Danish film “Riders of Justice” is an unorthodox mix of drama, comedy, and violence which will catch you off guard more than once during your viewing. As deftly swinging back and forth between dark offbeat comedy and serious revenge drama, the movie somehow strikes the right balance among a number of seemingly clashing elements in the story, and it is even quite poignant at times while never losing its quirky sense of black humor.
Everything in the story begins from one very unfortunate train accident which causes the death of 11 passengers inside the train. One of the dead passengers is the wife of a veteran solider named Markus (Mads Mikkelsen), and he quickly comes back to his home after being notified of this sad news at his military camp in Afghanistan. While feeling quite guilty about usually not being there for his wife and their teenage daughter Mathilde (Andrea Heick Gadeberg), Markus adamantly refuses to recognize his mounting grief and anger as your average stoic tough guy, and that certainly frustrates Mathilde a lot, who happened to be with her mother at that time and has quietly struggled to understand and deal with the loss resulted by her mother’s death.
Meanwhile, we are also introduced to Otto (Nikolaj Lie Kaas) and Lennart (Lars Brygmann), a couple of digital algorithm developers who recently got fired for the totally worthless result of their project. No matter how much Otto tries to explain to his bosses on how the result will be meaningful in the end, he only makes himself look silly and pathetic in front of them, and his partner does not help much as saying wrong things at wrong moments.
Not long after becoming unemployed, Otto happened to get on that train, and he interacted a bit with Markus’ wife and daughter right before that accident happened. He luckily survived, and then he becomes quite obsessed with that accident. Two of the accident victims turn out to be a member of an infamous motorcycle gang named Riders of Justice and the lawyer representing him, and their death benefits the leader of that motorcycle gang at lot, who could go to prison if that deceased member were alive and testified against him at the court. The more Otto looks into the situation, the more he wonders whether there is actually something criminal behind the incident.
Otto comes to delve deeper into that matter along with Lennart and a fellow computer expert named Emmenthaler (Nicolas Bro), and he accordingly becomes more convinced that the incident was not just an unfortunate accident at all. He subsequently tries to tell his seemingly plausible theory to the cops assigned to the case, but, of course, the cops are apparently skeptic right from when he opens his mouth.
In the end, Otto and Lennart approach to Markus because Otto feels that Markus deserves to know the truth, and Markus, who has silently grieved more over his wife’ death while struggling to reconnect with his daughter, soon finds himself drawn to Otto and Lennart’s conspiracy theory, which looks more plausible as Otto shows Markus several pieces of information pointing to that motorcycle gang. As a man with a particular set of skills, Markus may help Otto and his friends a bit in dealing with those dangerous motorcycle gang members, and Markus eventually comes to accompany them during their visit to a potential suspect who happens to be closely associated with that motorcycle gang.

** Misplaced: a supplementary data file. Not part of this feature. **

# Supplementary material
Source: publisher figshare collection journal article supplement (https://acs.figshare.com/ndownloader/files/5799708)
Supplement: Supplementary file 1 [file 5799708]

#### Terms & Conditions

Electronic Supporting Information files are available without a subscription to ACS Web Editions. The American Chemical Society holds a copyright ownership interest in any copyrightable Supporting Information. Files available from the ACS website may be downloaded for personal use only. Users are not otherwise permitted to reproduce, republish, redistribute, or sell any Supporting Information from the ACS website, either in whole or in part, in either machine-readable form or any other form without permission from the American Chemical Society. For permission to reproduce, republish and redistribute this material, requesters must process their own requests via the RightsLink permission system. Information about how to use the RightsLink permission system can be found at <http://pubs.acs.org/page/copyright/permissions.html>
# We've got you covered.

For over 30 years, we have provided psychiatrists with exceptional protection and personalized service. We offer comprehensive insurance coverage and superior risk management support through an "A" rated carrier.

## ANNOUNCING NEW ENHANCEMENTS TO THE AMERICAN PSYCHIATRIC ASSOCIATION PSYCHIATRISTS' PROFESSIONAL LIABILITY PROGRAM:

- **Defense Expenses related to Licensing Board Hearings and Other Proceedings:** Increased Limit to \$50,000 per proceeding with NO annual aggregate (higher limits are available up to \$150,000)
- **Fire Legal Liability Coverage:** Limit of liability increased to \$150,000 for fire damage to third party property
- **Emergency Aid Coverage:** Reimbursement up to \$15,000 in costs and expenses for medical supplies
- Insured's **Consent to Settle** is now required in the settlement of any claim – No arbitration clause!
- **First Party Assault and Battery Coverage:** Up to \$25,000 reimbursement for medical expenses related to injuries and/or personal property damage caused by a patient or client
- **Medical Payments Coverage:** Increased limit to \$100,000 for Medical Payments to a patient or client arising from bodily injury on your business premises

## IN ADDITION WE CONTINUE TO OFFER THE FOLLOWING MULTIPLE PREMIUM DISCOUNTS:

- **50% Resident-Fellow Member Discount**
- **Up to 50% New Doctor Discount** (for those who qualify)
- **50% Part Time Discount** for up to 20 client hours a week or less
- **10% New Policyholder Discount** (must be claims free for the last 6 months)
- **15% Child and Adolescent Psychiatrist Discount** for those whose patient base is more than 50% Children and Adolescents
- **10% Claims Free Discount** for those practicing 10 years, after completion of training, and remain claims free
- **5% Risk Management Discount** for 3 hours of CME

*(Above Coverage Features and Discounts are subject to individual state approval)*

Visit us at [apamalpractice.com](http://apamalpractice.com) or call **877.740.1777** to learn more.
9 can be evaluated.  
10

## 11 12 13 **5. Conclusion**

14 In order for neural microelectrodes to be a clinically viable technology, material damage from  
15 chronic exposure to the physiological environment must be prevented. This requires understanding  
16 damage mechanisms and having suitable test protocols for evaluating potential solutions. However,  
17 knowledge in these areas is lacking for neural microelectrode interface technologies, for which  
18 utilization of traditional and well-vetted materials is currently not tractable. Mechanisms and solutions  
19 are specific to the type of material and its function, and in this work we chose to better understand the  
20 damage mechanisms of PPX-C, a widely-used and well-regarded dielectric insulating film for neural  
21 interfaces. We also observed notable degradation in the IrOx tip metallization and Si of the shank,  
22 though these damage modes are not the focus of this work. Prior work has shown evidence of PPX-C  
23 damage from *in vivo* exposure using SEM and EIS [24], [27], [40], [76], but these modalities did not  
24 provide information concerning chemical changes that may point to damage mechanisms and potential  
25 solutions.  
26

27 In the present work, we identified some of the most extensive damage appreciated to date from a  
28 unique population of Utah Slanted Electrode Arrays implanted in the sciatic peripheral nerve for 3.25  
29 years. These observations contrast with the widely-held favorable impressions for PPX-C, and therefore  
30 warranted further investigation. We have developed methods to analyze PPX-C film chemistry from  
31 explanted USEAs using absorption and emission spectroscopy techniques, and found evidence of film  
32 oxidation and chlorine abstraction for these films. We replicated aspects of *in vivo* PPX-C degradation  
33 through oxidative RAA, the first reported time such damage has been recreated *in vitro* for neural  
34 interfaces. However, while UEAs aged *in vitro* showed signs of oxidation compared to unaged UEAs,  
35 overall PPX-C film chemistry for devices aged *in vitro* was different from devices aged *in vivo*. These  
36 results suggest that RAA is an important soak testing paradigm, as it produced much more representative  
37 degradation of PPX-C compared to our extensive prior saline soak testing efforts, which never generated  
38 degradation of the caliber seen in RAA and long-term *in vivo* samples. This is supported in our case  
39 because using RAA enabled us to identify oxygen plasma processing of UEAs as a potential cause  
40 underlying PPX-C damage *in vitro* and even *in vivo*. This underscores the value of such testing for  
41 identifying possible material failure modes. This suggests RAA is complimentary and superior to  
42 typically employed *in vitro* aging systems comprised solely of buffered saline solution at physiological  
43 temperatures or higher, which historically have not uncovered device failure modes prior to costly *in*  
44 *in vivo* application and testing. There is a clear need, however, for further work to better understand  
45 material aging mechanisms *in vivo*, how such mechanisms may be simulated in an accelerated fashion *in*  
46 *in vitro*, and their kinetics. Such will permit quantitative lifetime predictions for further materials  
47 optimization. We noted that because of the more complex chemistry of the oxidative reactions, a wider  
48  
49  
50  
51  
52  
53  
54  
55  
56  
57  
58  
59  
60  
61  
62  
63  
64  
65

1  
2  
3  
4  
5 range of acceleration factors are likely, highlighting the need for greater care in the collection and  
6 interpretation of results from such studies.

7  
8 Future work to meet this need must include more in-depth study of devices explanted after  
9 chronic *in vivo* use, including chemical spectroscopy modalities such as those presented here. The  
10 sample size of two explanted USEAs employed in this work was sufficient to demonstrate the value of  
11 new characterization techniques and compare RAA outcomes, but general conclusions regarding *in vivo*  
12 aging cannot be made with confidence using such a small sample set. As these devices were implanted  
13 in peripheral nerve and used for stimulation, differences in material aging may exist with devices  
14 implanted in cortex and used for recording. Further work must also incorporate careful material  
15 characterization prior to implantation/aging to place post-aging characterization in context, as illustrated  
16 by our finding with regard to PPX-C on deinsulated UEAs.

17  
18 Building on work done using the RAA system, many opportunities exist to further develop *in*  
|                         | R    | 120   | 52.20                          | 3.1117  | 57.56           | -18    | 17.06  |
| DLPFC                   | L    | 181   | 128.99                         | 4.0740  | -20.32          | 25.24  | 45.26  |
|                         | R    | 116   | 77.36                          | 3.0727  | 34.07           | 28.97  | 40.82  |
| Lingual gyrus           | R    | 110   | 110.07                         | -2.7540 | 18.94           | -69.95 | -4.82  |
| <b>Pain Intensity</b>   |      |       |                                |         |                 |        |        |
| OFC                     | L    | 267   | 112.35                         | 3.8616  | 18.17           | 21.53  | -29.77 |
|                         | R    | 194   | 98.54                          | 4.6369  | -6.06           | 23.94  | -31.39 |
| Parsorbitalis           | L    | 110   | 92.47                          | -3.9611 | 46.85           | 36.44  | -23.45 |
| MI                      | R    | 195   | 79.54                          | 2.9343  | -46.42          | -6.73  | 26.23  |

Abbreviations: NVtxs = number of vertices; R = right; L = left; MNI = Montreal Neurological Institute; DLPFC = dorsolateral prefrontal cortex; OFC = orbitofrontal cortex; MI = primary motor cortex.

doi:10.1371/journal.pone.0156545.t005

Now I should be more careful about describing the film, which bounces from one unexpected moment to another as rolling along its seemingly predictable genre narrative. For example, you may not be surprised by what suddenly occurs during a certain crucial scene involved with that potential suspect in question, but then the movie drops a little surprising moment of humor, and you will be surprised more as watching that moment leads to more laugh and poignancy later in the story.
Although many of its main characters are more or less than broad archetypes, the screenplay by director/writer Anders Thomas Jensen, which was developed from a story idea from Jensen and Nikolaj Arcel, gradually generates a considerable amount of pathos around them. While Markus and his daughter’s struggle with their loss and grief is presented with enough sensitivity and seriousness, Otto and his nutty friends turn out to have each own pain and torment as damaged persons, and there is a little funny but touching scene where one of them shows some compassion to a supporting character who suffered lots of abuse just like he did a long time ago.
The story naturally becomes more violent during its last act, but the movie does not lose its balance at all as continuing to throw more surprises for us, and the main cast members willingly hurl themselves into more violence and absurdity. While Mads Mikkelsen, who previously collaborated with Jensen in “Men & Chicken” (2015), holds the center as the straight hero of the story, Nikolaj Lie Kaas, Lars Brygmann, and Nicolas Bro are colorfully eccentric as required, and Andrea Heick Gadeberg, Gustav Lindh, Albert Rudbeck Lindhardt, and Roland Møller are also effective in their respective supporting roles.
Overall, “Riders of Justice” did a funny and compelling job of twisting and playing with its genre elements, and, along with Thomas Vinterberg’s recent Oscar-winning film “Another Round” (2020), it surely demonstrates to us Mikkelsen’s undeniable talent and presence. He is indeed one of the best movie actors in our time, and I wholeheartedly recommend you to watch these two films together someday.
Pingback: 10 movies of 2021 – and more: Part 2 | Seongyong's Private Place